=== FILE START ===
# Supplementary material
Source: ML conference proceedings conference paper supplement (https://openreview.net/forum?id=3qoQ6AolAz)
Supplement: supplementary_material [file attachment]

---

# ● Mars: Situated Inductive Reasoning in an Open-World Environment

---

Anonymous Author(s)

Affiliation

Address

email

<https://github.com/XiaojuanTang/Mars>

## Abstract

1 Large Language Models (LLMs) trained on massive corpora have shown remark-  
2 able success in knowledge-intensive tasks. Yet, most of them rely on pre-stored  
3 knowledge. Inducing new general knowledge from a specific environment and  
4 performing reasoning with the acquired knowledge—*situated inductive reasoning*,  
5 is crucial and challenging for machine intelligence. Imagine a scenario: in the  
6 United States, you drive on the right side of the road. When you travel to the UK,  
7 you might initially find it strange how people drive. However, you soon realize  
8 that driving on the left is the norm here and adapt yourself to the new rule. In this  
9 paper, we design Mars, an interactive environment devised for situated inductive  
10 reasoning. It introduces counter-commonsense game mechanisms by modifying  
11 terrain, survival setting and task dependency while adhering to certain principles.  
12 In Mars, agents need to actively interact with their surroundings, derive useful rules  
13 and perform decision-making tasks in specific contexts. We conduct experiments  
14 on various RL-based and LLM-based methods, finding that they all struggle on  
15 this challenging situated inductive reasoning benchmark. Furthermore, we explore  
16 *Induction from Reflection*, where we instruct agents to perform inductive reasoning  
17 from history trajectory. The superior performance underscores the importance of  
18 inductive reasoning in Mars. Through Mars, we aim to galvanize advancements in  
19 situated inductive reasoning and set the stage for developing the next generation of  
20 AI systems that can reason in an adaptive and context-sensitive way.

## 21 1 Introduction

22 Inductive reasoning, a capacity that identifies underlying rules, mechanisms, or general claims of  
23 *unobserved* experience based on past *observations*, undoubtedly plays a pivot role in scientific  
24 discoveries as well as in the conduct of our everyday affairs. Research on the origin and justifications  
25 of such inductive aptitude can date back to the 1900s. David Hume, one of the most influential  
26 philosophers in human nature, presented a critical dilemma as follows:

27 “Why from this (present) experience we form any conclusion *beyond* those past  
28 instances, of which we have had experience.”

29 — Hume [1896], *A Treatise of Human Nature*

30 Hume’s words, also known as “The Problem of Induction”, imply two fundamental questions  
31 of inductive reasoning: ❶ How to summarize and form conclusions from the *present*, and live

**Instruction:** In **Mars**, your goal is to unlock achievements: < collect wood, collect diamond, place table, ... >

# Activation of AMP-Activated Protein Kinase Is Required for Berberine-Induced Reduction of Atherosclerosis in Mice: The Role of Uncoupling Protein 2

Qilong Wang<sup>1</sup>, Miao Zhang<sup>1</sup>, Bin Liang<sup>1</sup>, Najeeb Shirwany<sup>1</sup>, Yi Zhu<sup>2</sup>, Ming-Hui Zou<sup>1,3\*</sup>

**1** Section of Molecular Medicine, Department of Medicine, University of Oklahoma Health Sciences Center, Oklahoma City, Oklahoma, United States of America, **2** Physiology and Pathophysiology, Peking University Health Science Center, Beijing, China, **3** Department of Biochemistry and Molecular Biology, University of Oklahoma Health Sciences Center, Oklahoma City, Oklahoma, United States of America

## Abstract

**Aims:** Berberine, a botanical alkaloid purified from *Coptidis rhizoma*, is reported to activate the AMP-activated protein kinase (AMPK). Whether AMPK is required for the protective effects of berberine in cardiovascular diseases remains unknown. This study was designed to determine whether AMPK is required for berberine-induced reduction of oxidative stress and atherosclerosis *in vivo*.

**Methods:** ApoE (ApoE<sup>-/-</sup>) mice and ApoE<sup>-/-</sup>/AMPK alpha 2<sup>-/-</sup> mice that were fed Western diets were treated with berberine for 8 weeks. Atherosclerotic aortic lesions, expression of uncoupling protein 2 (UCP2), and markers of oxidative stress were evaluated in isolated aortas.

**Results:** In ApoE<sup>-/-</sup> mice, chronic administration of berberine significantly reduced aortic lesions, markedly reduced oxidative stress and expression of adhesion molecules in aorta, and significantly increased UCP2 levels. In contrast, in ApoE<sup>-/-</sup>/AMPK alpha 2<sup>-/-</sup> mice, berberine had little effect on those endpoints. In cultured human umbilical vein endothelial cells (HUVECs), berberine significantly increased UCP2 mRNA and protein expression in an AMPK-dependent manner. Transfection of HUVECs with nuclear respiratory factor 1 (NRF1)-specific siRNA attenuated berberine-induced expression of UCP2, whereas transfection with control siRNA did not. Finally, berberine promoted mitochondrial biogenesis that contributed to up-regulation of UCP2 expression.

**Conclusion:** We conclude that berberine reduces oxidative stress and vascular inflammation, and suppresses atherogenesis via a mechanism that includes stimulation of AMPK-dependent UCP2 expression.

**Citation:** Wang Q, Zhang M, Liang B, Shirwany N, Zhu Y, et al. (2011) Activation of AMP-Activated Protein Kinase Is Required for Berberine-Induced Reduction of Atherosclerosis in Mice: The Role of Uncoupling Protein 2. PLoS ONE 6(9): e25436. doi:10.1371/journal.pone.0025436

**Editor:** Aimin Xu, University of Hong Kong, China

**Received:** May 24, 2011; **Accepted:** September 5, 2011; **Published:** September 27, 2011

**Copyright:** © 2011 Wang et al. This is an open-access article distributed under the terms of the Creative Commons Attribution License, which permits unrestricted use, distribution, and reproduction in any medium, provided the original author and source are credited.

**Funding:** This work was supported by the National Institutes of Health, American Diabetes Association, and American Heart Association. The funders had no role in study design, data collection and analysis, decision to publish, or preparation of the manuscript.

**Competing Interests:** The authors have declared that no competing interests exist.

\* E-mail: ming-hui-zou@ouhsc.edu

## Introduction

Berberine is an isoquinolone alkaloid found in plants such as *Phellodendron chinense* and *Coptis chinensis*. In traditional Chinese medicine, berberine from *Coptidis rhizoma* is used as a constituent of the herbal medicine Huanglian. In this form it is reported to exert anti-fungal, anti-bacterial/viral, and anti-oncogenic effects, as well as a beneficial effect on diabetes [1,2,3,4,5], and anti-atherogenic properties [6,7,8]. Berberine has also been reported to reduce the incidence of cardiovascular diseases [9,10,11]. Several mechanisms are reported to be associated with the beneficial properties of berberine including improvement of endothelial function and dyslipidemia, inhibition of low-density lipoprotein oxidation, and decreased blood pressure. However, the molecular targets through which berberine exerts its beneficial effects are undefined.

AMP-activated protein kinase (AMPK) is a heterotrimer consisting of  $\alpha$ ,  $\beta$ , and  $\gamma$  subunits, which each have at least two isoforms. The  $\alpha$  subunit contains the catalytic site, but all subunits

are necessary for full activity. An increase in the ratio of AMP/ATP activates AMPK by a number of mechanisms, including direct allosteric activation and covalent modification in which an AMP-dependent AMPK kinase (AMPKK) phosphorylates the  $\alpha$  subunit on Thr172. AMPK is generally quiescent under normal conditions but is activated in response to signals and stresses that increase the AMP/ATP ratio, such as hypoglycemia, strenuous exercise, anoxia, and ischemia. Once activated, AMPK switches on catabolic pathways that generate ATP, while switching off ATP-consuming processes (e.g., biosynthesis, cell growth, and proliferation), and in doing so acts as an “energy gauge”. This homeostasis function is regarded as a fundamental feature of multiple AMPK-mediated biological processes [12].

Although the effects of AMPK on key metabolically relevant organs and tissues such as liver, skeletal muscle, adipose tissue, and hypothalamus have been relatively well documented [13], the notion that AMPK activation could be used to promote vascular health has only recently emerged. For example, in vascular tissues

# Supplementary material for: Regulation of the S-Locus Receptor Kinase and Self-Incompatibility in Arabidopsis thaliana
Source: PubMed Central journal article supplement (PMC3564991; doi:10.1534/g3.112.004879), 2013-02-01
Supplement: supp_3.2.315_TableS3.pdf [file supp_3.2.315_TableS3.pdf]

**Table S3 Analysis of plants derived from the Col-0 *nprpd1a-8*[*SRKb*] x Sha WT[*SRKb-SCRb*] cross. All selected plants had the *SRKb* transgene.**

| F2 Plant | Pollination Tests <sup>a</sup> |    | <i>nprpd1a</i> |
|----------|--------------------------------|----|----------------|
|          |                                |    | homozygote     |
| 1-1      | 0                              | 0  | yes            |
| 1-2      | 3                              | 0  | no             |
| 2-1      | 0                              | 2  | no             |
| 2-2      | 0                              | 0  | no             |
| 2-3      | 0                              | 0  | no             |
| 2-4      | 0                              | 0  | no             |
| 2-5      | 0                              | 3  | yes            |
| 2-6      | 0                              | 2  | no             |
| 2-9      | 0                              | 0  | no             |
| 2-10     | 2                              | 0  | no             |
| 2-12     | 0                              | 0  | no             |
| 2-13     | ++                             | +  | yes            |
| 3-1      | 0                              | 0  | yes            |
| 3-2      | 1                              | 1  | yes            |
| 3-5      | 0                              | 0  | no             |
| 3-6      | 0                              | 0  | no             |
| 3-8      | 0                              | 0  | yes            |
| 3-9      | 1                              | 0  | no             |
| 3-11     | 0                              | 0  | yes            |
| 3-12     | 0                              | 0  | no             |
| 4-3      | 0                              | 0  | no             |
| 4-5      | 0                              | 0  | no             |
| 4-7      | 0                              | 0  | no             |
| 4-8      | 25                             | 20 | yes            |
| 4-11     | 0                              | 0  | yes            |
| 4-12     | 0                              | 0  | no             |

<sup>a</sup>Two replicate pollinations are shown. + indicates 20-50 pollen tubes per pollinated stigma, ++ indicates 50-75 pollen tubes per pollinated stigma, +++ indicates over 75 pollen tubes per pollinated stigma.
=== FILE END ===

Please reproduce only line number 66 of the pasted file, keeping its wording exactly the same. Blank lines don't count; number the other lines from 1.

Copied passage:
Source: PubMed Central journal article supplement (PMC3564991; doi:10.1534/g3.112.004879), 2013-02-01